A: I don’t think this is a result of global warming as we have had many storms more powerful than these prior to 1960, including many Category 5 and 4 storms. We tend to focus on the most recent storms as being worse than historical storms because we have so much coverage of them and a larger population that puts itself in the path of the storms. The probability of a major hurricane making landfall anywhere on the Gulf or Atlantic coast is exactly the same as it was 100 years ago. What is not the same is that 100 years ago the number of people at risk by being in the path was at least one order of magnitude smaller.

Q: Do you predict hurricanes will become stronger and more powerful in the future? 

A: It’s been 12 years since Katrina and Rita, and it has been relatively quiet since then, other than Sandy, which was very different in its path and timing and was at the end of the season. Sandy was not even a hurricane when it came ashore, so I think it’s important to remember that any tropical storm has the capacity to devastate a coastal community. If the ocean waters become warmer, the available energy for major hurricanes increases, but warm water is not the only condition necessary for forming, strengthening or sustaining a hurricane. If it were, then Jose would have followed Irma as a Category 4 or 5.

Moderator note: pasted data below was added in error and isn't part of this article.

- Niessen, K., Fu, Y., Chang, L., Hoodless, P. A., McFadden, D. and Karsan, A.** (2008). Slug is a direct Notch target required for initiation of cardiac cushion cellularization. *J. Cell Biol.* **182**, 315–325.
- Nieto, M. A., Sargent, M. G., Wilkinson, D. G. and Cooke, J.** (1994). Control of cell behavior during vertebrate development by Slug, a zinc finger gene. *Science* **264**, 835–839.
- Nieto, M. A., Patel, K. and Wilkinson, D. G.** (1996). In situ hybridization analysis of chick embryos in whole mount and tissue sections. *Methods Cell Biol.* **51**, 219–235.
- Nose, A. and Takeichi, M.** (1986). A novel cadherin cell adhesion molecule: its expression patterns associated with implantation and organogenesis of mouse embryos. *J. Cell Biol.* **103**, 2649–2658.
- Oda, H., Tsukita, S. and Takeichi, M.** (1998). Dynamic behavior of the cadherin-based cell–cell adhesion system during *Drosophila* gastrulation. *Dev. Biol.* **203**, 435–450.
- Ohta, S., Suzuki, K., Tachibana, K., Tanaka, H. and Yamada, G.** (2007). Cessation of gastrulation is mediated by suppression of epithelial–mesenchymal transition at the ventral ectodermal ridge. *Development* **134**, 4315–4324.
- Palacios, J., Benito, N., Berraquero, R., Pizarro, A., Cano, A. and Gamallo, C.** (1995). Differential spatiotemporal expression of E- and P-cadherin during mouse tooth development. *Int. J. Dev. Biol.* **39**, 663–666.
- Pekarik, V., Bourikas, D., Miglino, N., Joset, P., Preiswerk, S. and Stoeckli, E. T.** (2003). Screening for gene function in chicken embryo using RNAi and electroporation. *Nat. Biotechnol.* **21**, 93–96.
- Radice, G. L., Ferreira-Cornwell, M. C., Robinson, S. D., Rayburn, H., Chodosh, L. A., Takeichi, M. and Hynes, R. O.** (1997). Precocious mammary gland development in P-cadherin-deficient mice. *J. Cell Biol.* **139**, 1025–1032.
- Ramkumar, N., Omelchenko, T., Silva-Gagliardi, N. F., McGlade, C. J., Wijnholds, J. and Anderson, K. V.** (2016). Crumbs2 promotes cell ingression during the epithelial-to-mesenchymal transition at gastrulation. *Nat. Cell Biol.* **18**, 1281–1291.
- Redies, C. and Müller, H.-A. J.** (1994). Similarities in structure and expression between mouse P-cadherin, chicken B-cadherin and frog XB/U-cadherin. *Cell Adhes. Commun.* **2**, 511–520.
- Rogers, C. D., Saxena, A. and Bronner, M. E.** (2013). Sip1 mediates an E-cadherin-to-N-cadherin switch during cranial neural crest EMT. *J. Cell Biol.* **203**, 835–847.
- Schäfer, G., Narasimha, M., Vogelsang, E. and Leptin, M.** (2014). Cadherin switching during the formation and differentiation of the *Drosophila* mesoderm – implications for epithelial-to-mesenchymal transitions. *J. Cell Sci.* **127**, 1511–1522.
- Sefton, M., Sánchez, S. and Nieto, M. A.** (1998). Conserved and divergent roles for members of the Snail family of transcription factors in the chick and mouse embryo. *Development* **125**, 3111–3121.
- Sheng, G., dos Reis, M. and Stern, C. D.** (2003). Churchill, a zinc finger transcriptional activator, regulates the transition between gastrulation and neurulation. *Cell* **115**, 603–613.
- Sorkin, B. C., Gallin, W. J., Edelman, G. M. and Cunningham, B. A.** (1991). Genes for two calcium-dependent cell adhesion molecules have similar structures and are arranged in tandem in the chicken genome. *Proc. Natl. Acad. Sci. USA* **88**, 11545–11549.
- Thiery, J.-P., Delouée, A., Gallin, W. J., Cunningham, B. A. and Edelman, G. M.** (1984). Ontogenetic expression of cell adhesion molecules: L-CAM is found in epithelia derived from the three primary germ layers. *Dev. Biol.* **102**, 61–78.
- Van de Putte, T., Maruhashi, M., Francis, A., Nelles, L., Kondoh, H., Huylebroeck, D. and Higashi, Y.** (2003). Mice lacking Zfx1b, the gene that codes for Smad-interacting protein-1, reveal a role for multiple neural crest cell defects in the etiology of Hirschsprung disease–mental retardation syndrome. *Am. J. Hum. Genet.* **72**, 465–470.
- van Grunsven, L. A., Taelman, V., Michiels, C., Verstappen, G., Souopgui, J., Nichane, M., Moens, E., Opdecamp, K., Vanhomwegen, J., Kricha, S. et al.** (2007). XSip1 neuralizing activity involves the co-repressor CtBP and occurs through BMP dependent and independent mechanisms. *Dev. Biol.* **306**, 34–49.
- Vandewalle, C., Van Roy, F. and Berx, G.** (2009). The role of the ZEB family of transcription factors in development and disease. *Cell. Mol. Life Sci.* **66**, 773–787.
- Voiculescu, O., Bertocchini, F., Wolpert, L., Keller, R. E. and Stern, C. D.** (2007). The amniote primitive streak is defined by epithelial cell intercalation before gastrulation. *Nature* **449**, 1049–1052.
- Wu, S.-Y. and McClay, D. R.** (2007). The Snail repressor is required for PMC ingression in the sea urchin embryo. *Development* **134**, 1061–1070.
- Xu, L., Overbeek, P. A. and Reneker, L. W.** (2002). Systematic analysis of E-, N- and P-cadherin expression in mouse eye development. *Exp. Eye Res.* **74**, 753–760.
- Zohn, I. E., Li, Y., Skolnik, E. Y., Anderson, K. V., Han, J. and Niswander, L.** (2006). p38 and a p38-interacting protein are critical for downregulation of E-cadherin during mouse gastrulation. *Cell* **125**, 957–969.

Q: Any other types of weather-related disasters you think might be coming our way? 

A: If the warmer waters of the eastern Pacific, western Atlantic and Gulf of Mexico are sustained, more evaporation will occur and we will have the potential for heavier rain (or snow) events due to the increased moisture. It would be nice if it came in the winter as snow. But for the past few years, it has been adding to the monsoon moisture resulting in some heavier rain events, which lead to local flash flooding.

Q: What are preventive measures that we as a society can do to ensure the longevity of our planet? 

A: That’s an impossible question to answer as the planet will be fine regardless of what we do. I think the longevity of ourselves and the ecosystems are of more concern. The Earth has changed drastically over hundreds of millions of years and will continue to do so, with or without us.  

Q: What type of natural disasters might Arizona be facing one day? 

A: We have earthquakes, though small, and our volcanic activity is probably behind us. Our weather-related disasters will continue to be the same ones we currently have: winter storms, heavy rain or rain-on-snow leading to flooding, drought and wildfires. We aren’t likely to have hurricanes, though we do get the remnants of tropical storms mixed into the monsoon. We do have tornadoes, but typically only EF3 or smaller, and even the very small ones are rare. I don’t expect that will change. Because we are an arid state, we have so much variability already in our weather that we do a much better job than most places in handling that variability.